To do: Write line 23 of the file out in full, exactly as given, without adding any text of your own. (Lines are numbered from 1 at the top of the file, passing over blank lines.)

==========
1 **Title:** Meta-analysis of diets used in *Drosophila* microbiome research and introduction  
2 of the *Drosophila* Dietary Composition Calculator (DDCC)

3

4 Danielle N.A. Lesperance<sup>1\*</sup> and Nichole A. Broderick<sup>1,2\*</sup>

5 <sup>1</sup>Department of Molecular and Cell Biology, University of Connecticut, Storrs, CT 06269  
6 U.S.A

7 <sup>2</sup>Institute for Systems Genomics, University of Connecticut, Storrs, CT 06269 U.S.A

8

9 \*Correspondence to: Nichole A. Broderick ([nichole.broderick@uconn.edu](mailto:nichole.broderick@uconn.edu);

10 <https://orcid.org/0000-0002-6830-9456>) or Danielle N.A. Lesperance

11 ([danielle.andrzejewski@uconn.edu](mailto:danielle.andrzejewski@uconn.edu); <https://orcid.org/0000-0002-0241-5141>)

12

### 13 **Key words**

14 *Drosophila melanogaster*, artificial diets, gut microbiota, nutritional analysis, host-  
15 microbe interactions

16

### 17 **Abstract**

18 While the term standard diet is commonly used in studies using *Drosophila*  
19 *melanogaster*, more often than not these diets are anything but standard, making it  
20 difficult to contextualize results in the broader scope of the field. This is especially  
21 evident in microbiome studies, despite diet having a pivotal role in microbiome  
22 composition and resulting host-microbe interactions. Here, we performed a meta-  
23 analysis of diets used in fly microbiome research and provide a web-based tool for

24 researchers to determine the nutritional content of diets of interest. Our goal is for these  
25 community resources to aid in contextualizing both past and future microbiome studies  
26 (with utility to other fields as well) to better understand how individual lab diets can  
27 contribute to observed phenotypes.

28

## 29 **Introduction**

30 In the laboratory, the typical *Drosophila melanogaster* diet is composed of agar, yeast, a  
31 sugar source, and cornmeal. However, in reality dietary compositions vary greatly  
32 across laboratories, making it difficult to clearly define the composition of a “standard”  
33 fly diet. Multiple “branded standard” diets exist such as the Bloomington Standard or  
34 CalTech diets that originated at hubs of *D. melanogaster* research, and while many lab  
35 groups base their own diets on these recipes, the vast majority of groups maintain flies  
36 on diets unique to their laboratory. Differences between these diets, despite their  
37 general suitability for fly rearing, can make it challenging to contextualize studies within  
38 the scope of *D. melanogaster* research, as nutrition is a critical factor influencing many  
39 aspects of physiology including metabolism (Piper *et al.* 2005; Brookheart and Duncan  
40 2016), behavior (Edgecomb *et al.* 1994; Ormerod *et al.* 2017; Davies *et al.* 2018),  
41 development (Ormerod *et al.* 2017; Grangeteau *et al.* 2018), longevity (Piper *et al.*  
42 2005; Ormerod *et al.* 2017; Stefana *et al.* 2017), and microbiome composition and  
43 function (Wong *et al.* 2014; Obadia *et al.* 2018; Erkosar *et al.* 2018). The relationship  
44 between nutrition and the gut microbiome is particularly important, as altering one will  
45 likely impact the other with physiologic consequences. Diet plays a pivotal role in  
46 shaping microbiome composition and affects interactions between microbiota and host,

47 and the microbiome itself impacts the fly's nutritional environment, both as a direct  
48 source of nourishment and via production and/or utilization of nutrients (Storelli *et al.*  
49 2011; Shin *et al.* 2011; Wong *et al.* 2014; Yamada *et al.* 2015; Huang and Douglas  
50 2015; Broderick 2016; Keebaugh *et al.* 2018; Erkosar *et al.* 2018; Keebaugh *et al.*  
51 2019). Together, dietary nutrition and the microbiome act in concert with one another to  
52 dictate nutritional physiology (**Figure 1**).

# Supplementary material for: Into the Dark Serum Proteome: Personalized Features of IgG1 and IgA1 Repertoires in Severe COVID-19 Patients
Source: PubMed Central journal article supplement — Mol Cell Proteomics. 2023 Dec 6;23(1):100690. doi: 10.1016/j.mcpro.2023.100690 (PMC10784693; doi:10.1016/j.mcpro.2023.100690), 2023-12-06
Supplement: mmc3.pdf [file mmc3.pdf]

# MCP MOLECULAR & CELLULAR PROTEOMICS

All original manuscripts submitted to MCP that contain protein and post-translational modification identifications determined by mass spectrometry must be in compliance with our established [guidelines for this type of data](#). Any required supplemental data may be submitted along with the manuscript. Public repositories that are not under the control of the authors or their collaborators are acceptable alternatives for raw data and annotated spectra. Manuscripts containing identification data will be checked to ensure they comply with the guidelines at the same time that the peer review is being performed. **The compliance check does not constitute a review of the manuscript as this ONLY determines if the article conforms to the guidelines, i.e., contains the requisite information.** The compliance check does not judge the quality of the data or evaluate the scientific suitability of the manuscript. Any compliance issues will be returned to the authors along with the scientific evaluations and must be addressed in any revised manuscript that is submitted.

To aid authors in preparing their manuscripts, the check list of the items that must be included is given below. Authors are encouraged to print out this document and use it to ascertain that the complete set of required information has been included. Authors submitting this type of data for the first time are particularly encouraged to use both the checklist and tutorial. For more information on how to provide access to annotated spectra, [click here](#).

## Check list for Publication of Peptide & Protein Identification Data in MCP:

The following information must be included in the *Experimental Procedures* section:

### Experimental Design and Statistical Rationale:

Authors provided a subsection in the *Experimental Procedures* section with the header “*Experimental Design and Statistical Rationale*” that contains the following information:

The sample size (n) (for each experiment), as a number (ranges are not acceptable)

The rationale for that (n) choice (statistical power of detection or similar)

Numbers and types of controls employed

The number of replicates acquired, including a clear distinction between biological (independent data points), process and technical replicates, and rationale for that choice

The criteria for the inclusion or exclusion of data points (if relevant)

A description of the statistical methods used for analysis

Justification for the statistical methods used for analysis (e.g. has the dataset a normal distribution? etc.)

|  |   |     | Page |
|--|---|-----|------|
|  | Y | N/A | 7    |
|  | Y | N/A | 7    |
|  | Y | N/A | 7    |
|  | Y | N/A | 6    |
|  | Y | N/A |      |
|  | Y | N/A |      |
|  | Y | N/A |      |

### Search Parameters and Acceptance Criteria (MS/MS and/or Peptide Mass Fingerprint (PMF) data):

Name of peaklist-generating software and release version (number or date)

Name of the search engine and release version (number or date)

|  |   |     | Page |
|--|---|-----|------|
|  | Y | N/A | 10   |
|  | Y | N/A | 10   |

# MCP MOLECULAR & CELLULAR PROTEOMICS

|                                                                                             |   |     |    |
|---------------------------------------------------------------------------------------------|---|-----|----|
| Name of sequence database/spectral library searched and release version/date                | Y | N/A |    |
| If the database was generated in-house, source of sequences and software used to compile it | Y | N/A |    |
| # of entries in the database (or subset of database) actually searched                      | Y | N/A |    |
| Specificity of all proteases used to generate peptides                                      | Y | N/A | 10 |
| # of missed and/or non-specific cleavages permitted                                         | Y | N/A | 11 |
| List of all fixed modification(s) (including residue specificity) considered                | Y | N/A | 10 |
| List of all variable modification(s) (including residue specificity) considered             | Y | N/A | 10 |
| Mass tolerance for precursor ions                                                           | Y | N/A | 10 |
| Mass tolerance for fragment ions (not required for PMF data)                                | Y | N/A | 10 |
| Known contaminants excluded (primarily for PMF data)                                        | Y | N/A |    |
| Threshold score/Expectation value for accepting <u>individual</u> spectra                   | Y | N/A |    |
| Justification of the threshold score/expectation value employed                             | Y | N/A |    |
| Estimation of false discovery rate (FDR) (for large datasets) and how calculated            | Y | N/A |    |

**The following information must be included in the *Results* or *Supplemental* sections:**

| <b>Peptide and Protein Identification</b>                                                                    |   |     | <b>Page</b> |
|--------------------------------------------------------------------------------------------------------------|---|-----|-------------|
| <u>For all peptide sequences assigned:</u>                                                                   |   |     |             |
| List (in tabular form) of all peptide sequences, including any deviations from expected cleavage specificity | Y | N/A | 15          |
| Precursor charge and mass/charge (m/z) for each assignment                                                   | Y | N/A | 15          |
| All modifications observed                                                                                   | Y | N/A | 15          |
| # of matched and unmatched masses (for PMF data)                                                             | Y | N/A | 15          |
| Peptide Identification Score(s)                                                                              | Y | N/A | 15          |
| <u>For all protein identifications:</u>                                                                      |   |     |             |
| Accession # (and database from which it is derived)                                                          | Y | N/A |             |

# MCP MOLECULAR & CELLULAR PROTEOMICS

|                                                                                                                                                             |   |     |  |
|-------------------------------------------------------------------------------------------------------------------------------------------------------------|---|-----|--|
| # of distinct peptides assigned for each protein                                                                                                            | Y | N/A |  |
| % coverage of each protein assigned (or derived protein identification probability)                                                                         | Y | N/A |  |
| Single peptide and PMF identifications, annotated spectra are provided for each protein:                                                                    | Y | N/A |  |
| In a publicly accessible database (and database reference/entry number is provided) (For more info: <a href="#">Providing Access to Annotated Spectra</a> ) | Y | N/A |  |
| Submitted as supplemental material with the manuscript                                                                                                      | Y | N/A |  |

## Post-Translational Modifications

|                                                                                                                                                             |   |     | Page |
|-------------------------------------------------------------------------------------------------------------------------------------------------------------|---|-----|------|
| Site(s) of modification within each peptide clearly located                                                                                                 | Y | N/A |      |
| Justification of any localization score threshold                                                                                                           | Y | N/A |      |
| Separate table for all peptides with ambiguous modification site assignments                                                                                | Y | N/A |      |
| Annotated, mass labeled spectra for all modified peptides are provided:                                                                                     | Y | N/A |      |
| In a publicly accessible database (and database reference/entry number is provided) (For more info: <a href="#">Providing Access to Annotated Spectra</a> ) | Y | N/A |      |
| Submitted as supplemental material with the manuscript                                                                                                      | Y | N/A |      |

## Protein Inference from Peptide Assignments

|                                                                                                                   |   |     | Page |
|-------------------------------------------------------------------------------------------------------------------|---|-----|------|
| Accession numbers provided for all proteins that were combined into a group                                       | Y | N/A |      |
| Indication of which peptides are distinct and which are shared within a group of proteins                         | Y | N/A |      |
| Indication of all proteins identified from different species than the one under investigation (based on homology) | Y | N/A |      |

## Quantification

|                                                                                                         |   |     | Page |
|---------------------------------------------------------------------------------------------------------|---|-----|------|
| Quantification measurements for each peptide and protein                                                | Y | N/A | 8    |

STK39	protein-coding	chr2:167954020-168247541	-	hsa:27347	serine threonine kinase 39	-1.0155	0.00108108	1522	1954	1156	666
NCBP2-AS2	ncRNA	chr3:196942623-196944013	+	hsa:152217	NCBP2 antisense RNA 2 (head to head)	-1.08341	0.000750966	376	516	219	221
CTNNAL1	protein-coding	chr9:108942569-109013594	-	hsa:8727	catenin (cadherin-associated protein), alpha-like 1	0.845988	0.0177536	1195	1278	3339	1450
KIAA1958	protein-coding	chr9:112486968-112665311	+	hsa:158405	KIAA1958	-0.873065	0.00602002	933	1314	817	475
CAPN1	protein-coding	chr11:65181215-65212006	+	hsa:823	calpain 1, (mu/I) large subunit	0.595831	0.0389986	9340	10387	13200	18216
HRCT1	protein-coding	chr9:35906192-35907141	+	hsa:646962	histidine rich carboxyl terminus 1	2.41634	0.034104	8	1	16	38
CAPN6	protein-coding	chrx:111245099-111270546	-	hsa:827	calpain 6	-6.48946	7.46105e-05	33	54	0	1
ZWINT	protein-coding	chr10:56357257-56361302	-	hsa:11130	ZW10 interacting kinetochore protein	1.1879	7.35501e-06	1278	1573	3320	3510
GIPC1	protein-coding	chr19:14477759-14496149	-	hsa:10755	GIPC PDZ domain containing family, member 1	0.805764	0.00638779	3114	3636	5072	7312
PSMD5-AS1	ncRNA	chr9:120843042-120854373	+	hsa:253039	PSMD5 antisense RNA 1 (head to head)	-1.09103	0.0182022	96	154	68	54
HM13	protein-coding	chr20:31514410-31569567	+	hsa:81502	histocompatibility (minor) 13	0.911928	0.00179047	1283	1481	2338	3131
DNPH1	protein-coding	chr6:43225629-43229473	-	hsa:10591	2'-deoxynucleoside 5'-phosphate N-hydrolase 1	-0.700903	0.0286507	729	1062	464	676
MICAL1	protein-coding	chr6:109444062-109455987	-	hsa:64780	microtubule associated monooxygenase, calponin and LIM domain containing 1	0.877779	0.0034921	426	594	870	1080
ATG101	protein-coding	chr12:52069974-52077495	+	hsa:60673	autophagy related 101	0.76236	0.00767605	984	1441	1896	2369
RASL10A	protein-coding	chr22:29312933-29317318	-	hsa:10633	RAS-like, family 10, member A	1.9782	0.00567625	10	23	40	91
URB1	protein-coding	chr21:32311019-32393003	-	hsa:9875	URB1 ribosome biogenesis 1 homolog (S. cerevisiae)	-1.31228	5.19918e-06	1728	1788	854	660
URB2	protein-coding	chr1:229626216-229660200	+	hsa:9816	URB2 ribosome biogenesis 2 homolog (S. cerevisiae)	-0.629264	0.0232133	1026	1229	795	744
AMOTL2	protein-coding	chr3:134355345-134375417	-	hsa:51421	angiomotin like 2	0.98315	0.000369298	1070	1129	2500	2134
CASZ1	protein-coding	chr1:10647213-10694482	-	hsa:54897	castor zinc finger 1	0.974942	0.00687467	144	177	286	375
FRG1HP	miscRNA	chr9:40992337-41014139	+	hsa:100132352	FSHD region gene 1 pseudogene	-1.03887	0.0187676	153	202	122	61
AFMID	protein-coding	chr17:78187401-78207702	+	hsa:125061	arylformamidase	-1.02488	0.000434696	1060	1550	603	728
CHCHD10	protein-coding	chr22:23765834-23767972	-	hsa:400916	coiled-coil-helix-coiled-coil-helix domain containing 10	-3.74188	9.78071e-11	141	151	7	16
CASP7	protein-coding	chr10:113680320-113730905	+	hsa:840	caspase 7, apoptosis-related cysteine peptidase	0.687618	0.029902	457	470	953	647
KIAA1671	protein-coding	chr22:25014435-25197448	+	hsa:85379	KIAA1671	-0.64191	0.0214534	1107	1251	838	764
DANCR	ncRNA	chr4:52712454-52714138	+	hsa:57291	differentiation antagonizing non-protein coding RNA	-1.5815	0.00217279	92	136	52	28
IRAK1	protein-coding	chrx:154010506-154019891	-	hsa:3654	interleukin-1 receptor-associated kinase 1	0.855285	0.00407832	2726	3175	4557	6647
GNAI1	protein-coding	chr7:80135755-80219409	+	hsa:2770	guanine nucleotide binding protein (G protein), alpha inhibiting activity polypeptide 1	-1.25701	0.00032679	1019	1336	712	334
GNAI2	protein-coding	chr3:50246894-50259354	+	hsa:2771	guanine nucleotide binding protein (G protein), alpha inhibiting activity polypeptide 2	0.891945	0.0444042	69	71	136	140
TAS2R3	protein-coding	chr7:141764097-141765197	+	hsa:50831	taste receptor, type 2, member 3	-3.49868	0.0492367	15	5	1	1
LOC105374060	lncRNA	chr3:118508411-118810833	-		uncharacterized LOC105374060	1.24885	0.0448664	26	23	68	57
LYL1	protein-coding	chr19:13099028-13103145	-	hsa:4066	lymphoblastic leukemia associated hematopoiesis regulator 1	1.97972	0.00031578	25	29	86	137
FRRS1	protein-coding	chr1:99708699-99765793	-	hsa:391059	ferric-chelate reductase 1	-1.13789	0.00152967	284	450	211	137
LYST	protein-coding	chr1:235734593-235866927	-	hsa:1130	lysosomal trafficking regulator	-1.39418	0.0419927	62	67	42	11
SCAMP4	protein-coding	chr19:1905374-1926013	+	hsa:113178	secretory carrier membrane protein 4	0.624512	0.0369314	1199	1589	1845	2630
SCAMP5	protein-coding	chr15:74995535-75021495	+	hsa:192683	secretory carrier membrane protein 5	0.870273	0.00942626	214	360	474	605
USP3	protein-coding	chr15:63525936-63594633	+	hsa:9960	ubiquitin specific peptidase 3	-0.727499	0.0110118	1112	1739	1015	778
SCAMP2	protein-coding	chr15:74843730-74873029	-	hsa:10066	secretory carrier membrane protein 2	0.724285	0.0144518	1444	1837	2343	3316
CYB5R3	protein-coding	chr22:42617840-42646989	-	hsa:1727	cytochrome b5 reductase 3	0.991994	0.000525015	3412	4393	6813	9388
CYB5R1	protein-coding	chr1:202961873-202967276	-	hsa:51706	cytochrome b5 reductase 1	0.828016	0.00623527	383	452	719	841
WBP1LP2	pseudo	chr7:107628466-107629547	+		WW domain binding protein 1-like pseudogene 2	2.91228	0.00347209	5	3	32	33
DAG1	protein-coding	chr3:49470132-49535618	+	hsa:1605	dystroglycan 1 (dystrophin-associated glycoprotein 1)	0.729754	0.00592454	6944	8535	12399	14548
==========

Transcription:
23 analysis of diets used in fly microbiome research and provide a web-based tool for